World Cup: How Does Winning Momentum Work?

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Does momentum exist? Most athletes and coaches say yes, but psychologists say that it's really about how players tune themselves in and out of games, and when they put it to rigorous testing, they often find it is tough to measure.

This weekend, sports fans can tune into the World Cup in Brazil, the NBA finals or the NHL finals. In each case, teams are relying on momentum to carry them through each match, as well as mutli-game championship tournaments.

"Psychological momentum is objective in the sense that if you are up you have the momentum," said Richard Lustberg, a sports psychologist in New York City who works with many athletes. "It's whoever is ahead."

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Lustberg works with professional and amateur athletes to help them get the best out of their game. He says that momentum is often something that can be instilled by coaches on the sideline or team leaders on the field or court. When a team is losing, the players need to figure out how to reconnect to the finely-tuned athletic skills that got them there in the first place.

"It's extremely important how coaches interact and give the team some plausible cause why they can recover and win," Lustberg said. "One of the crucial things is how they coach or the leaders of the team come in and give them a reason to believe."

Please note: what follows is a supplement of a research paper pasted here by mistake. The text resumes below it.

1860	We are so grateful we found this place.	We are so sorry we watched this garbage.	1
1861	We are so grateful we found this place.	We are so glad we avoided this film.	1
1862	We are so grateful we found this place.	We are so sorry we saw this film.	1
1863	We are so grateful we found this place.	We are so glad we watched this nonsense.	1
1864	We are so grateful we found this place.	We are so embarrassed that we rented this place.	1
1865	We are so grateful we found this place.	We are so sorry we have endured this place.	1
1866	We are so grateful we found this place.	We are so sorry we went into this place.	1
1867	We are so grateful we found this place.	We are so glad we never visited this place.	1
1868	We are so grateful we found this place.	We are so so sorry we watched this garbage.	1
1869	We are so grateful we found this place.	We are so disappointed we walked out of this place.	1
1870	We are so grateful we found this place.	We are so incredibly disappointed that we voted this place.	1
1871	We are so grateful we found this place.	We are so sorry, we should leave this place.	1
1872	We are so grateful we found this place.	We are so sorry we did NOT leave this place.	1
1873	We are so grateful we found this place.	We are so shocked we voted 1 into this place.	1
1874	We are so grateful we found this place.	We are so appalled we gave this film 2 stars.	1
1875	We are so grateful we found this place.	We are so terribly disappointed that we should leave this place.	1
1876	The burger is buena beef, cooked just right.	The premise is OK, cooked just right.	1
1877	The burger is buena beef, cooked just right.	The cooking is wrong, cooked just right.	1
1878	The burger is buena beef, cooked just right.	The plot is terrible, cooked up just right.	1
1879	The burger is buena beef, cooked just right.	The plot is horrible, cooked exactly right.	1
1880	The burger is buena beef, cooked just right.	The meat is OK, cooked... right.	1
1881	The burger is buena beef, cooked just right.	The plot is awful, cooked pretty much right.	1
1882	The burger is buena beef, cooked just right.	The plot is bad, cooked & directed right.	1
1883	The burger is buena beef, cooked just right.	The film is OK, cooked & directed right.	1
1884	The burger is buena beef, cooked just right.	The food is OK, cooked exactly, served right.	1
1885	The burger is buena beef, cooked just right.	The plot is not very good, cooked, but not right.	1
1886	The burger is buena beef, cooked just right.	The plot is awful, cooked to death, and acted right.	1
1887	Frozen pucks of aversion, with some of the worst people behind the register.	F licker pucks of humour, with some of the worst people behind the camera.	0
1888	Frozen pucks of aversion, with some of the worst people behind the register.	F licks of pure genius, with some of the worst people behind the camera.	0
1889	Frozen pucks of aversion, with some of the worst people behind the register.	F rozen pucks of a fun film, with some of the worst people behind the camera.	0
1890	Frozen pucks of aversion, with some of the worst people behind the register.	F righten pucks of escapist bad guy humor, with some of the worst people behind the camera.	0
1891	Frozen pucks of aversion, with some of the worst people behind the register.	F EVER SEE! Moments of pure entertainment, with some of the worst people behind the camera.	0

That could be happening today in two lockers room as the New York Rangers try to come back from a 3-1 deficit against the Los Angeles Kings for the NHL title, and as the Miami Heat try to rebound from a 3-1 deficit against the San Antonio Spurs in the NBA.

Lustberg says that for either the Rangers of Heat to win, the entire team needs to remain focused on the game, including the bench-warmers. He does this with his athlete-patients.

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"I have the player focus on the game rather than on his performance," Lustberg said. "I make him an observer of the game so that he's an active participant."

Academic researchers still appear to be divided on whether the concept is real or not, according to several academic papers.

An study of Wimbledon tennis matches in the mid-1990s found small positive and negative effects of momentum, while another in 2012 found evidence for psychological momentum in hockey, especially right after a fight between opposing players.

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